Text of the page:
Economic wellbeing is busy looking for collaborations. Then it can ask communities – what is the economy they would like to see.  How do we encourage better decision making, address systemic problems.

Integrating personal relationships with professional, strong insight into colonising intergenerational trauma. Creating spaces for joining healing wellbeing and flourishing communities.

Holding a space for reflecting

What people have been noticing – from what’s going on in policy, latest reports, nationally and international trends, narrative and discussions. We heard about:

Reflecting change from 10 years ago, reading many reports such as a fair change for all and reform into local government. Hearing more about co-governance, CTU policy packages, all highlights a change – a te ao māori lens – lots of good work happening – we should celebrate it.

Worth us thinking about the issues that will be at the forefront of the election in 2023, important we have these conversations and don’t seed the ground to some pretty myopic perspectives.

People want to see things happening in different ways, but not sure they know what that looks like. Seeing some very interesting things happening in the health sector. There are challenges with the various stages different aspects are at, be good to see how the good is demonstrated – time needed for this to evolve. Mental health spaces too – how do you bring in the voices that know what they need and want? There are some bright sparks, it will be a test over the next few months to see how it is allowed to unfold.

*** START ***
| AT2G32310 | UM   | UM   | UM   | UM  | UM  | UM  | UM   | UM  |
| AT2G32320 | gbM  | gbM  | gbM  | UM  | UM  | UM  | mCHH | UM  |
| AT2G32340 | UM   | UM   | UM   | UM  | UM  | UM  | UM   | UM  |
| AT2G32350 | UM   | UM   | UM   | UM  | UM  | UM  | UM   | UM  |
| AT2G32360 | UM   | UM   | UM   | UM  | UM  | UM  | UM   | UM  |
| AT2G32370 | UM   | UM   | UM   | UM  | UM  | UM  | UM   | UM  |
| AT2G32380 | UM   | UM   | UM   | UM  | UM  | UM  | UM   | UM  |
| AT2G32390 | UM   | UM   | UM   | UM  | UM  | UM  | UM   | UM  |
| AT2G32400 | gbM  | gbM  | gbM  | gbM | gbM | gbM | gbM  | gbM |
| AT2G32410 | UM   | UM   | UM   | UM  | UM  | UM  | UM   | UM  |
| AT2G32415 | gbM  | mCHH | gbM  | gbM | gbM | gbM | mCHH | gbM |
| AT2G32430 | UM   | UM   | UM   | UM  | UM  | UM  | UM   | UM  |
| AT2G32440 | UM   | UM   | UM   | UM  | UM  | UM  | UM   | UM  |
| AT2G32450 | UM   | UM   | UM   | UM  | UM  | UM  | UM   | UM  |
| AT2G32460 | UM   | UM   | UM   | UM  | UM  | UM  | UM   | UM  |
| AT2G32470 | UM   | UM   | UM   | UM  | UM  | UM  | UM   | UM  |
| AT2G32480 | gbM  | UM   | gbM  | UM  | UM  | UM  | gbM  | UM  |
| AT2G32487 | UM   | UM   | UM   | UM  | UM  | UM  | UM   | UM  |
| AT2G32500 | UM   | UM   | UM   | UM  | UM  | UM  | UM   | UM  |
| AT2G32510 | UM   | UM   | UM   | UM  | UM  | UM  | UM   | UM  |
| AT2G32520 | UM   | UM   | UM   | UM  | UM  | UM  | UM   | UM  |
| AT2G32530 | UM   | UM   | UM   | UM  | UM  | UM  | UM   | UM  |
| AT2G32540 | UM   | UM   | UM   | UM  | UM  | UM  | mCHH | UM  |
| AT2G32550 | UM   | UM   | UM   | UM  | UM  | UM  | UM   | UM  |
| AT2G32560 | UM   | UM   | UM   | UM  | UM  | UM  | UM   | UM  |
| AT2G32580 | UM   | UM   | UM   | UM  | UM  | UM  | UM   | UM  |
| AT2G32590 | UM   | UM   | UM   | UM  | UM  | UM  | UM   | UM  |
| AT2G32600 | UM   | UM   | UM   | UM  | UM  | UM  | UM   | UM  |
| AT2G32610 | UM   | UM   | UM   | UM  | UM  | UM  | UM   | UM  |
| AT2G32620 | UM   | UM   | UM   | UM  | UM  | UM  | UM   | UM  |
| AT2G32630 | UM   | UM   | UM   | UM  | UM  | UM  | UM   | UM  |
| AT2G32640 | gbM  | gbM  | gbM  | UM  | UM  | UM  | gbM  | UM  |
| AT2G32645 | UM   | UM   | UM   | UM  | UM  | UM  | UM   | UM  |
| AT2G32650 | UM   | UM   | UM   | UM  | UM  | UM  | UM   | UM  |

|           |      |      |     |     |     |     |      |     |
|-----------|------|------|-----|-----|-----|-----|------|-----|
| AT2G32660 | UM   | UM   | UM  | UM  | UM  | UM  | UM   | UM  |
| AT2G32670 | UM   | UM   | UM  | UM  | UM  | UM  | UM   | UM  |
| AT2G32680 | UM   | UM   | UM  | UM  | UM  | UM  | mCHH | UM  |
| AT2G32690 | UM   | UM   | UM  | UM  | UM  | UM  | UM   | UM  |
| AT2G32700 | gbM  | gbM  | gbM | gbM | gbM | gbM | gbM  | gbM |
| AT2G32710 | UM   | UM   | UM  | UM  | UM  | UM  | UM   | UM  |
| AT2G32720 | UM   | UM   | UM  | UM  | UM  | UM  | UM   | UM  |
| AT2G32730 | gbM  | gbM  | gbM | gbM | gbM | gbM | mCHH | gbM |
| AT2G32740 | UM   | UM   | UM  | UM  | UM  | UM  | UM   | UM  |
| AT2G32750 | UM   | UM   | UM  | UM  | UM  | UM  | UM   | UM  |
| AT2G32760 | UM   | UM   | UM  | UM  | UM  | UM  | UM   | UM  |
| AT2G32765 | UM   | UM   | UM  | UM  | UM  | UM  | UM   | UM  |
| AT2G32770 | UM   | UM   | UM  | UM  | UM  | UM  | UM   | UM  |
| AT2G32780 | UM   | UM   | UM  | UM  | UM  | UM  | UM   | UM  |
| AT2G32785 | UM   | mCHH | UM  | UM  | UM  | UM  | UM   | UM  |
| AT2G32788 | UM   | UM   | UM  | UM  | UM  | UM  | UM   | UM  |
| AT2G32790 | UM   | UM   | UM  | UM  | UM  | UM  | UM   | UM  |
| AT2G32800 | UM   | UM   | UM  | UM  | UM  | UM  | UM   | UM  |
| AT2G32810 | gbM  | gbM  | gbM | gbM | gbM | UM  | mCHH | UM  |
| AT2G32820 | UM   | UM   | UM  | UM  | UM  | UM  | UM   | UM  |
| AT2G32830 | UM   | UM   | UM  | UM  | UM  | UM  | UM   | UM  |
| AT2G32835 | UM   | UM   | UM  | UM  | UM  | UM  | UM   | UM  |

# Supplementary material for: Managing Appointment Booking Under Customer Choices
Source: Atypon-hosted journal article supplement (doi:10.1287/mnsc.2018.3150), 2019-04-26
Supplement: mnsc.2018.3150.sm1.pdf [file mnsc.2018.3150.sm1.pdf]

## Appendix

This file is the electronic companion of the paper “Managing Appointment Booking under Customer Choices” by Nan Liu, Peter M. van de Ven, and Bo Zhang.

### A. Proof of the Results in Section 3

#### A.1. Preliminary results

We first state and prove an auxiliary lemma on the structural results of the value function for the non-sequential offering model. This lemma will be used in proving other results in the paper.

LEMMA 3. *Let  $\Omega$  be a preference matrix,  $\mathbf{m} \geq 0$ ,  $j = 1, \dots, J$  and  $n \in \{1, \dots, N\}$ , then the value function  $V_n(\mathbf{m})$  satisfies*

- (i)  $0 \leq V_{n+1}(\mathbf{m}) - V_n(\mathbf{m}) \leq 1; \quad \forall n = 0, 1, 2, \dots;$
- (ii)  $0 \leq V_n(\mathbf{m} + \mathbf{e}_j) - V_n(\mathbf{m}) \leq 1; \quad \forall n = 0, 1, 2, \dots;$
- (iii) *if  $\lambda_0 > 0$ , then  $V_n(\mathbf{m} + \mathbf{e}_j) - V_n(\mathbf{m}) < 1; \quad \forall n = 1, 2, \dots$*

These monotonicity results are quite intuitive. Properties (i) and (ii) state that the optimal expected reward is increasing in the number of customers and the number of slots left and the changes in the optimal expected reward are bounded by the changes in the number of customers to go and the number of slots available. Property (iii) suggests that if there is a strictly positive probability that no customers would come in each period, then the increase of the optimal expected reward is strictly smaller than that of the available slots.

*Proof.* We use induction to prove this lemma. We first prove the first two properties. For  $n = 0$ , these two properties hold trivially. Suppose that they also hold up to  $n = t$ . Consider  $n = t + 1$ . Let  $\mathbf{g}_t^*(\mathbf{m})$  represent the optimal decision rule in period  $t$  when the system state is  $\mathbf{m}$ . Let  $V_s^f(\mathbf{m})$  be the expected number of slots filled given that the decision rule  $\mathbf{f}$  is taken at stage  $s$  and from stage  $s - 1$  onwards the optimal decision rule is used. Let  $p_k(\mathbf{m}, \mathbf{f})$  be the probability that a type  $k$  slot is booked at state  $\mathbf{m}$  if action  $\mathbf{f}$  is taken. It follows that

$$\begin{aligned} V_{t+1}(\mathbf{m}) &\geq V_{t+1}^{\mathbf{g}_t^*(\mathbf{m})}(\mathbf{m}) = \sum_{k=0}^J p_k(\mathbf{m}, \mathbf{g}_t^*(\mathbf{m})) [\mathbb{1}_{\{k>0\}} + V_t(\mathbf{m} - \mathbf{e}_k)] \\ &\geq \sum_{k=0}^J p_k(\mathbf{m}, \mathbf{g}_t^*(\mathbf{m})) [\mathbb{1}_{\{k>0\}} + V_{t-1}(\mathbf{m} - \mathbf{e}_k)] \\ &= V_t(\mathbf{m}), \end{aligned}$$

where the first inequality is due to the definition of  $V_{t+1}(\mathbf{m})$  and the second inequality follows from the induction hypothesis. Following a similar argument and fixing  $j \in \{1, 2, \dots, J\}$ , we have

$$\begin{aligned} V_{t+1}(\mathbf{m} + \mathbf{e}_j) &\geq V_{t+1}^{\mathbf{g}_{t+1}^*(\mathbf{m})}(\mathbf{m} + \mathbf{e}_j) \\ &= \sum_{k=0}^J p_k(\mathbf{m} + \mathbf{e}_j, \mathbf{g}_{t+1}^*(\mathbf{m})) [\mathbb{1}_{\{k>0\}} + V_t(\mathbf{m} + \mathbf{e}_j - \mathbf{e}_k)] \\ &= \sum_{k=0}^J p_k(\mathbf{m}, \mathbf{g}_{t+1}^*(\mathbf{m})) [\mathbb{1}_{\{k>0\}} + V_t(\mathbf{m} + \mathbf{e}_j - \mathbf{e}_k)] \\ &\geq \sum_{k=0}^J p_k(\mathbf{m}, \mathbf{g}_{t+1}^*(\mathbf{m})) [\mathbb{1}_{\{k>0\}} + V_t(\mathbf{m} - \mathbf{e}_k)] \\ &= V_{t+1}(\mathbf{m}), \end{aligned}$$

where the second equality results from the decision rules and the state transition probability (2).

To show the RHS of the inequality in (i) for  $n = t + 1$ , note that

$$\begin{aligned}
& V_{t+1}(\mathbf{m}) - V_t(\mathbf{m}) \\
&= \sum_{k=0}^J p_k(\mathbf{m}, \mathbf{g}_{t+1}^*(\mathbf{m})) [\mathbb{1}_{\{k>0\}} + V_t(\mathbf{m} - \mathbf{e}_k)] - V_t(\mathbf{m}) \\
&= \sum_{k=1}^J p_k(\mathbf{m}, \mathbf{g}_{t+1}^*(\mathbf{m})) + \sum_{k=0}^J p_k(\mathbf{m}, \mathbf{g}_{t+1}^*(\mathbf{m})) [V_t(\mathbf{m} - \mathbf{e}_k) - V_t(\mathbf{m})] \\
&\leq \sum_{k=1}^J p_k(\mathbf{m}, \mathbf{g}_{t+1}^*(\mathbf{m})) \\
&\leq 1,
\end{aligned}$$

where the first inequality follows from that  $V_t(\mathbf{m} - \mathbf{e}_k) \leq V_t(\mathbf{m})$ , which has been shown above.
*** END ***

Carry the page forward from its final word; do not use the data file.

There are many incredible publications and think pieces it would be awesome to bring them together – because that gives visibility to what is happening. Change is often invisible so people are not seeing the change. People in this Kōrero are exposed to change which inspires us but a lot of people are not. Very hopeful, there is amazing people doing amazing mahi – we see that by getting into community and talking to people, leaders, volunteers doing the mahi whether there is money or not, government is involved or not, they are doing it. Many more people need to have this exposure.